The thirteenth edition of European Development Days in Brussels ended on Wednesday. The event brought in over 8,000 participants to address continental inequality.
Sandra Ajaja is the founder of Fempower Africa, an organisation that helps women grow innovative and technical businesses. She attended the event to spread her message about investing in women.
“Women are the future of Africa," she said. "The majority of the entrepreneurs on the continent are women. So why is there a gap? I feel like more investment should be channelled into women businesses, through microloans, through venture capital, and more opportunities to learn a technical skill set."
It’s not only grassroots organizations promoting this idea. Prominent African businessmen like Tony Elumelu also attended EDD and said European investors need to realise that investing in Africa is not a risk anymore.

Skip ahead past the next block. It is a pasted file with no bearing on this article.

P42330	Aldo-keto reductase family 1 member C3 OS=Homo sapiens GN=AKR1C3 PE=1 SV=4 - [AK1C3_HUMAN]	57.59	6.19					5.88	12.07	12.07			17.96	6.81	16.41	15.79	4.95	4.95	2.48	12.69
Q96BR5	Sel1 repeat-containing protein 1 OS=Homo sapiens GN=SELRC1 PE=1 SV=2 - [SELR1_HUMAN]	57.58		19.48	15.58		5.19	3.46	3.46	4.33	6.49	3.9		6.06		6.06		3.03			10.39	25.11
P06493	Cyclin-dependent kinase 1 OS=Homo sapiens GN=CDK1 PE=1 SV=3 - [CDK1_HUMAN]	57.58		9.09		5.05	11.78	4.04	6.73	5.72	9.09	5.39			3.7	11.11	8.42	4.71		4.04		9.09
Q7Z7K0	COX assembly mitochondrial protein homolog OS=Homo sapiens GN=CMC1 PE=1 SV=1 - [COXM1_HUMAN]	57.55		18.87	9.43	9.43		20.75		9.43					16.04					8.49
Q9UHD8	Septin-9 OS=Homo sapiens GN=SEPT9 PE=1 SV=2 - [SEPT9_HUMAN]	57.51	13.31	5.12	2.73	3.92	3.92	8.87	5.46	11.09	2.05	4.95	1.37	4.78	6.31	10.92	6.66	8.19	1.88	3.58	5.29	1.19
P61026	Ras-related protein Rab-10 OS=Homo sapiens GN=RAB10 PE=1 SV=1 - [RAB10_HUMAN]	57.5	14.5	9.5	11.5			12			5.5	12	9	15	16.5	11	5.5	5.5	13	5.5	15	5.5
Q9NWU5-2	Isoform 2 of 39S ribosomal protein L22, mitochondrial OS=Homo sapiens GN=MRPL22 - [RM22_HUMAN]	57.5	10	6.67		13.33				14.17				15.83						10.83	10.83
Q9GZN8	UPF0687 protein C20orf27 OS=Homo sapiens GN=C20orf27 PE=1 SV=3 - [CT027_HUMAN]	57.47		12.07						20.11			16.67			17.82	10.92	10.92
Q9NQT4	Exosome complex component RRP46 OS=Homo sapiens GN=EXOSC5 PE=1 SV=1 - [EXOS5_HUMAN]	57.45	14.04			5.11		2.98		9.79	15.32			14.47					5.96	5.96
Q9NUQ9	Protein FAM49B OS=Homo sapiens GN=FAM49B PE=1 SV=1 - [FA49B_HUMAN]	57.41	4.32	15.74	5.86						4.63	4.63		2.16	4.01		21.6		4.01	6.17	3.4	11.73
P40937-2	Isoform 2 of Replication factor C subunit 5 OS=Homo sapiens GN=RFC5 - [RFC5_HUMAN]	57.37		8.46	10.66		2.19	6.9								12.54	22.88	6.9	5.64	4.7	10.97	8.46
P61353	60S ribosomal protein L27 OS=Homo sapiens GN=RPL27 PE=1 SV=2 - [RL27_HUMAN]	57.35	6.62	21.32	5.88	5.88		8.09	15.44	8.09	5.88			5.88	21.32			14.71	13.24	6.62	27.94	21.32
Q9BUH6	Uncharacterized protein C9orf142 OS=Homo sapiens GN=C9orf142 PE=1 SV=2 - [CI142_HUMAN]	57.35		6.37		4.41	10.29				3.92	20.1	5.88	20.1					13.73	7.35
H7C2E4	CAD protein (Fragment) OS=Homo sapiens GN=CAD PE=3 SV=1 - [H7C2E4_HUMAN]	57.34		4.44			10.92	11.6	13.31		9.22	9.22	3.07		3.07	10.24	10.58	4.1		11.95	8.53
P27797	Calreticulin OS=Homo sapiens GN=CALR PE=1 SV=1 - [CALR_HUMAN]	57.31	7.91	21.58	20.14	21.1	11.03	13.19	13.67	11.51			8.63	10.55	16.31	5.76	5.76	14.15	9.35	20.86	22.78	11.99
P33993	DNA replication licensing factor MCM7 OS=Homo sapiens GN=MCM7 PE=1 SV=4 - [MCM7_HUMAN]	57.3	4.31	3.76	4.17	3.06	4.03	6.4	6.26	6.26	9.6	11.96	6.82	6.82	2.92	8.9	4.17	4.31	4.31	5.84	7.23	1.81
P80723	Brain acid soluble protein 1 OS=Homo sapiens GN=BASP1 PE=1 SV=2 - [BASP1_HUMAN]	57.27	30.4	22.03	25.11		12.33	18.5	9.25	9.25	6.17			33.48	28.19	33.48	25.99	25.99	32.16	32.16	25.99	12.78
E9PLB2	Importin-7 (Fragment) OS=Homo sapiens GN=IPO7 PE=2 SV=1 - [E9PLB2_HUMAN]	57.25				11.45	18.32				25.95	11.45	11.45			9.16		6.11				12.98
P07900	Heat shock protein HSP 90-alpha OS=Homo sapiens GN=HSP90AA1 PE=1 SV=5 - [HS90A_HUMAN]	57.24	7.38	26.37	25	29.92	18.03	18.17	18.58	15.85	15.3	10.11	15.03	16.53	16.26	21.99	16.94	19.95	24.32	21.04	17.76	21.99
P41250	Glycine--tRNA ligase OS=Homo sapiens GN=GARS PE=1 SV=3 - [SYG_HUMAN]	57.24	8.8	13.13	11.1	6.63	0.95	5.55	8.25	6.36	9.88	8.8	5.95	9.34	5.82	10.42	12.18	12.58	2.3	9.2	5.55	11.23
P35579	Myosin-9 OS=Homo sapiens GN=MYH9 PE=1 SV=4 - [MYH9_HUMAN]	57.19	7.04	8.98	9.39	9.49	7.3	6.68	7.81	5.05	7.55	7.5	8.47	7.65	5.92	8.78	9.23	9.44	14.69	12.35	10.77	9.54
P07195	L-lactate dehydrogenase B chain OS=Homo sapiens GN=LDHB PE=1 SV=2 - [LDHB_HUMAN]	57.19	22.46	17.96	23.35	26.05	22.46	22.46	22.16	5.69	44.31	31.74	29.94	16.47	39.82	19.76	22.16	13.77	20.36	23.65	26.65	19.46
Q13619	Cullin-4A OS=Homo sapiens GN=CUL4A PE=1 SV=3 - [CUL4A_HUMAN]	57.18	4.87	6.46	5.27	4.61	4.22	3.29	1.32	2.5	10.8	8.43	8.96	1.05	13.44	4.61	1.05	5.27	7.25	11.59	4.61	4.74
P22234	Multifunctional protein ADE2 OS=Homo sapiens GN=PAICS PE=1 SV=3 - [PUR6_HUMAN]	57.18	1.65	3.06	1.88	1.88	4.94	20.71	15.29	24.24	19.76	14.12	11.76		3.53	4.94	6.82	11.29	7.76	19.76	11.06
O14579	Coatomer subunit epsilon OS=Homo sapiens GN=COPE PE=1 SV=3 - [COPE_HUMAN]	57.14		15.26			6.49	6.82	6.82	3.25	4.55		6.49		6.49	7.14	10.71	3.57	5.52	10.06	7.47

“The truth is, a lot has changed on the continent," Elumelu said. "We hope that through this constant engagement with the rest of the world, we begin to change the narrative. It's a different Africa. It’s a continent of economic opportunities. And it’s fast-growing.”
Outgoing European Commission President Jean-Claude Juncker made African cooperation the centre of his final state of the Union speech. He announced a plan which he hoped would create 10 million jobs on the continent.
However, EU investment projects are still lagging behind those coming from China. Beijing promised 60 billion dollars worth of financial aid last year and said it will cancel the debts it's owed from poorer African countries.
EDD was a step in the right direction to connect EU investors with African projects, but there is still a need for direct investment in the future.